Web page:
Time management gurus stress the importance of putting the boulders in your schedule first. You must prioritize the key actions and items of your life. But does this strategy ever free us from all the details that so often follow? Can we delegate all the little stuff away? I don’t think so.
Leadership necessarily involves dealing with minutiae sometimes.
I have been mulling over this contrarian advice from Steven Sample:
…I have come up with Sample’s 70/30 Formula for Leadership – to wit, under ideal conditions up to 30 percent of a leader’s time can be spent on really substantive matters, and no more than 70 percent of his time should be spent reacting to or presiding over trivial, routine or ephemeral matters. Freshman CEO’s often enter the fray determined to spend most of their time as true leaders (i.e., working on issues that really count) while delegating all the trivial parts of their job to the staff. Such naifs are generally gone in a year or two, victims of a dragon born of minutiae which could have been easily slain in its infancy, but which suddenly grew to man-eating proportions. In other words, most of a top leader’s time must necessarily be spent dealing with trivia and ephemera if he wants to survive and maintain his effectiveness as a leader over the long haul.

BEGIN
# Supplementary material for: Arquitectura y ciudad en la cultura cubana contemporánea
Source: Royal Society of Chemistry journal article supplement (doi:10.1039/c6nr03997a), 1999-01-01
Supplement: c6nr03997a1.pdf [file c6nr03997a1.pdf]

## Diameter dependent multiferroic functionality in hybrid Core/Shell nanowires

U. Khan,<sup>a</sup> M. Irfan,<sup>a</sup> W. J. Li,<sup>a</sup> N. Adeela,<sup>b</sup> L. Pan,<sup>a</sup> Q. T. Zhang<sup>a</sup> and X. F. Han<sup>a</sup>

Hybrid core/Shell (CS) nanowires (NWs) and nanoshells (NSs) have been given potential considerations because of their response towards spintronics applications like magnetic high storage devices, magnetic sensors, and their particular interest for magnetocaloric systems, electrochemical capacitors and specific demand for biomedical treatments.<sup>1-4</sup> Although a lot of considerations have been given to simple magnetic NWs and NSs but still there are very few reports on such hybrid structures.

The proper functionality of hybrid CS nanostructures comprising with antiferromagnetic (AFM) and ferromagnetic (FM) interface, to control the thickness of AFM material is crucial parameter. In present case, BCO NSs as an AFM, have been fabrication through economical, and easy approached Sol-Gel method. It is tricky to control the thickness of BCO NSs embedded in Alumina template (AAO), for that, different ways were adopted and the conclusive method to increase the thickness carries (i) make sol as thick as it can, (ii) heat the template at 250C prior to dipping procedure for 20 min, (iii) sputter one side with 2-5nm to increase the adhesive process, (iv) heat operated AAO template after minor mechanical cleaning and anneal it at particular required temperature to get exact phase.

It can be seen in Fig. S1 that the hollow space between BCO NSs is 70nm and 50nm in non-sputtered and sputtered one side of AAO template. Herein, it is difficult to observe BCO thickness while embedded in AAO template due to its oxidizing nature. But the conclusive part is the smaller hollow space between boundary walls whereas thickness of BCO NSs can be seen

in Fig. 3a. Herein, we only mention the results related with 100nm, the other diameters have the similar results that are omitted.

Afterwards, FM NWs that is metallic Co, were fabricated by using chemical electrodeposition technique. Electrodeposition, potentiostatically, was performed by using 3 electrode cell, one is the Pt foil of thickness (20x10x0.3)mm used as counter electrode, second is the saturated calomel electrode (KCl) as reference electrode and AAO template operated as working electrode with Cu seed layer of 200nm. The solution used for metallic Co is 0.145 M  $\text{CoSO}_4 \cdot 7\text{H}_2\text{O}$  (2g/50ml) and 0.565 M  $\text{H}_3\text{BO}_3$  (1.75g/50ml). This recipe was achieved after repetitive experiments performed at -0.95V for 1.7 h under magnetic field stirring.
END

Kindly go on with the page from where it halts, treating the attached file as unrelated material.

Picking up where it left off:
The real danger implicit in Sample’s 70/30 Formula is that the 30 percent of a leader’s effort devoted to important matters (such as independent thinking and inspiring his followers) may shrink to 20 percent, and then to 10 percent, and then to 5 percent, and finally to nothing, as the press of trivial and routine matters ultimately consumes all of hi s time and energy. I know scores of corporate CEOs and university presidents who find themselves in this position, and who feel impotent and unhappy as a result. It requires enormous discipline for the top leader in an organization to maintain the substantive component of his job near the 30 percent level.
Of course, there is no bright line separating substance from trivia and ephemera. Moreover, an activity which appears to be trivial or routine at the outset frequently turns out to be substantive, and vice versa. But on balance, Sample’s 70/30 Formula provides a practical upper limit on the fraction of a leader’s time and effort which can be spent on really important matters.
Thus the person who wants to do president (as opposed to simply be president) should be delighted with a 70/30 split in favor of trivia over substance. By contrast, people who need a higher percentage of substance in their lives should stay away from top leadership positions.” (161-162)
Sample, S. B. (2001). The Contrarian’s Guide to Leadership. Jossey-Bass.